exercise

Not everyone wants to run a marathon. And that's ok.

In my little bubble of a world, people do crazy things – they get up at what often seems like the middle of the night to take on massive physical tasks before most people have even kicked off the doona. In my world, doing more than 1 hour of exercise a day isn’t extreme or obsessive it is quite literally, all in a day’s work.

Why I run (when I'm not particularly good at it).

I’ve just come home from a 23 km run jog plod. I got up at 4:50am to start, in a bid to beat the horrendous Victorian weather expected this weekend and so I would be finished in time to do regular family stuff. The 23kms took me 2 hours and 34 mins. Anyone familiar with long distance running would probably, and rightfully so, regard that as a pretty slow pace.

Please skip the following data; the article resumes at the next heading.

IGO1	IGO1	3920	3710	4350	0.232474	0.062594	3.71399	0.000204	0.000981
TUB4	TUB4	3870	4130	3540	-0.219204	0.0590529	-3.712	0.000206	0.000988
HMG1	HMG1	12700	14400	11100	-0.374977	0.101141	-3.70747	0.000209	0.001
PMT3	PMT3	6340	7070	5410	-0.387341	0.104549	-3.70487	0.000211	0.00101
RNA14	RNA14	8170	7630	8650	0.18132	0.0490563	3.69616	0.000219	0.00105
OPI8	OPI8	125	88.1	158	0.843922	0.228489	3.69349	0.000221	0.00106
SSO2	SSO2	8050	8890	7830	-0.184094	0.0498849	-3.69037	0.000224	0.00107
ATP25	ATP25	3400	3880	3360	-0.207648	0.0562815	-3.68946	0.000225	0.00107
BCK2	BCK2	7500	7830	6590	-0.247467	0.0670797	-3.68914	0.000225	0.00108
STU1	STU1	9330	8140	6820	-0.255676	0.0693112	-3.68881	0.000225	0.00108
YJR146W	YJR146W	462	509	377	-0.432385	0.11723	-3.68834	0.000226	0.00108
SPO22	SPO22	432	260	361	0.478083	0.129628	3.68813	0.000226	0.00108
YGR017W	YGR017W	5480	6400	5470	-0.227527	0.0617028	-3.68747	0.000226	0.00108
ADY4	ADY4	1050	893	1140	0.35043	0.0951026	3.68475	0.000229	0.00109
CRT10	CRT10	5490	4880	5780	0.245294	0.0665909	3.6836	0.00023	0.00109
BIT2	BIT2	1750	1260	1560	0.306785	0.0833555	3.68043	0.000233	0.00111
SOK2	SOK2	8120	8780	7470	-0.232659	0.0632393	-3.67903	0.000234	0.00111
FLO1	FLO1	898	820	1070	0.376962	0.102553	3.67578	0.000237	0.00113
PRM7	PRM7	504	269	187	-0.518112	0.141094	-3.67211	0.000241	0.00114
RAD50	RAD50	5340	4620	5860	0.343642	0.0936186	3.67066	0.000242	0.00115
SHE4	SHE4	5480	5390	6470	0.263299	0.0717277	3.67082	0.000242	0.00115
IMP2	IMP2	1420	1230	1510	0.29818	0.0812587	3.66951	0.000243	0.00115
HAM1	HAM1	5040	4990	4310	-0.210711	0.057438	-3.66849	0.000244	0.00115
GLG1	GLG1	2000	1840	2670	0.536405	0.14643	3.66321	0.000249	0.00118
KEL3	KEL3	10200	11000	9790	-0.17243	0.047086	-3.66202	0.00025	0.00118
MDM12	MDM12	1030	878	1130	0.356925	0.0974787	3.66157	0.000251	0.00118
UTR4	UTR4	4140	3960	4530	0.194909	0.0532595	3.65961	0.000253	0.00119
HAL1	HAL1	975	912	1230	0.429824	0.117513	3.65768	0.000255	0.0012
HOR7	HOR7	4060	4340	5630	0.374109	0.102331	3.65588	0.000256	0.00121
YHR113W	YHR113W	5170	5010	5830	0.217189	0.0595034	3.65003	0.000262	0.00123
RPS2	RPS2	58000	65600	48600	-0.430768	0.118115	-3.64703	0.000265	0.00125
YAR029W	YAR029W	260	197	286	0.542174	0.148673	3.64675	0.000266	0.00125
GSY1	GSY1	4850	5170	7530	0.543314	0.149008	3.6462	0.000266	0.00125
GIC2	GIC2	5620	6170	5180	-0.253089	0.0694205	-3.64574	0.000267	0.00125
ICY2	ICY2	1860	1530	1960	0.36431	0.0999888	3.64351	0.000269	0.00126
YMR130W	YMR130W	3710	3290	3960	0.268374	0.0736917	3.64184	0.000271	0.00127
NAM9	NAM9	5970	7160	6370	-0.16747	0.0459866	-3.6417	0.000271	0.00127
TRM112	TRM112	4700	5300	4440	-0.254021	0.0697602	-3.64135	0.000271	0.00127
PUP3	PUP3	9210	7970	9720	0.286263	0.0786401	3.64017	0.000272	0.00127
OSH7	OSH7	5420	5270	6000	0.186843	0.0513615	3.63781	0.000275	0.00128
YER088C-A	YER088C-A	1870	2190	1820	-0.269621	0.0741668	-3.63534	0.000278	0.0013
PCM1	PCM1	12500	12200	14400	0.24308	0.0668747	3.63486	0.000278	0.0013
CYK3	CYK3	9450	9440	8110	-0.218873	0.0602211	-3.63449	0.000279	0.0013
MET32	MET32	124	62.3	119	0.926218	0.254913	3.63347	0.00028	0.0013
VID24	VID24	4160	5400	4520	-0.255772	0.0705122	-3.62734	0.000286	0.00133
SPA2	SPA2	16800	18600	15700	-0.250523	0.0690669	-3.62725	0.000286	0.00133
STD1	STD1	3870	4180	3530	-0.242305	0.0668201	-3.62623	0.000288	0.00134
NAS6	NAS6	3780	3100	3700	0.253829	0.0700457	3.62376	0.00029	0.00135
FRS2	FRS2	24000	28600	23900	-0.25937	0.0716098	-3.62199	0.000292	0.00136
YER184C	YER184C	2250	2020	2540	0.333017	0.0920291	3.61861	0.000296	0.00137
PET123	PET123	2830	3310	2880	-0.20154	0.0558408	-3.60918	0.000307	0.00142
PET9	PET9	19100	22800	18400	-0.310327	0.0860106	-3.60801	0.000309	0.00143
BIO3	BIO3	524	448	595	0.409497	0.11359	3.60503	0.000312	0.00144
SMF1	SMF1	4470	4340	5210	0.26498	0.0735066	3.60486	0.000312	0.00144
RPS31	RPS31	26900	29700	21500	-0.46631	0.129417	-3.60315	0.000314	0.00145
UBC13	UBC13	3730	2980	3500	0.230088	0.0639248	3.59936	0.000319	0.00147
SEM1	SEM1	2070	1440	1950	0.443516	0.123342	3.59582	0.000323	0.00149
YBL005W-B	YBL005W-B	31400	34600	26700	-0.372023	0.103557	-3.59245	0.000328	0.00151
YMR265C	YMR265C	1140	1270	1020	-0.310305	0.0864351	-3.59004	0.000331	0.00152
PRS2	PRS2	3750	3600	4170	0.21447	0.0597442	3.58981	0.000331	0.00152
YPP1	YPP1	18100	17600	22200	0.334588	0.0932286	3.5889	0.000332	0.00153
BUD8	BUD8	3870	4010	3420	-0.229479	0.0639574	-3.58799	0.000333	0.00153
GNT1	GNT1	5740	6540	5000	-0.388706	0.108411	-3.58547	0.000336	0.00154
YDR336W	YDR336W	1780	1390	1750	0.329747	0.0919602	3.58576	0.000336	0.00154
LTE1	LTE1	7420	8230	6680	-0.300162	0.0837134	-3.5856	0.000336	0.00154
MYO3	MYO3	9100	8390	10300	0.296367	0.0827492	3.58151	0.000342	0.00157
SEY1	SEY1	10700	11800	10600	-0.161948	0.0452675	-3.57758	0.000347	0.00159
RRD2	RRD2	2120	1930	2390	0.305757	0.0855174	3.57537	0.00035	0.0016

I’m no superstar runner. And I’m not new to it either. I have been running since my mid-twenties (I’m now mid-thirties) and have trudged my way through 6 marathons.

I haven’t gotten any faster. I haven’t lost any weight. It’s stupidly cold at this time of year. My toenails feel like they’ve been trodden on by a Clydesdale. There's a good chance I’ll become incontinent before I’m 50 and (if I listen to my mother), I’ll be lame by 60.

AND running actually feels like an incredibly unnatural thing for me to do.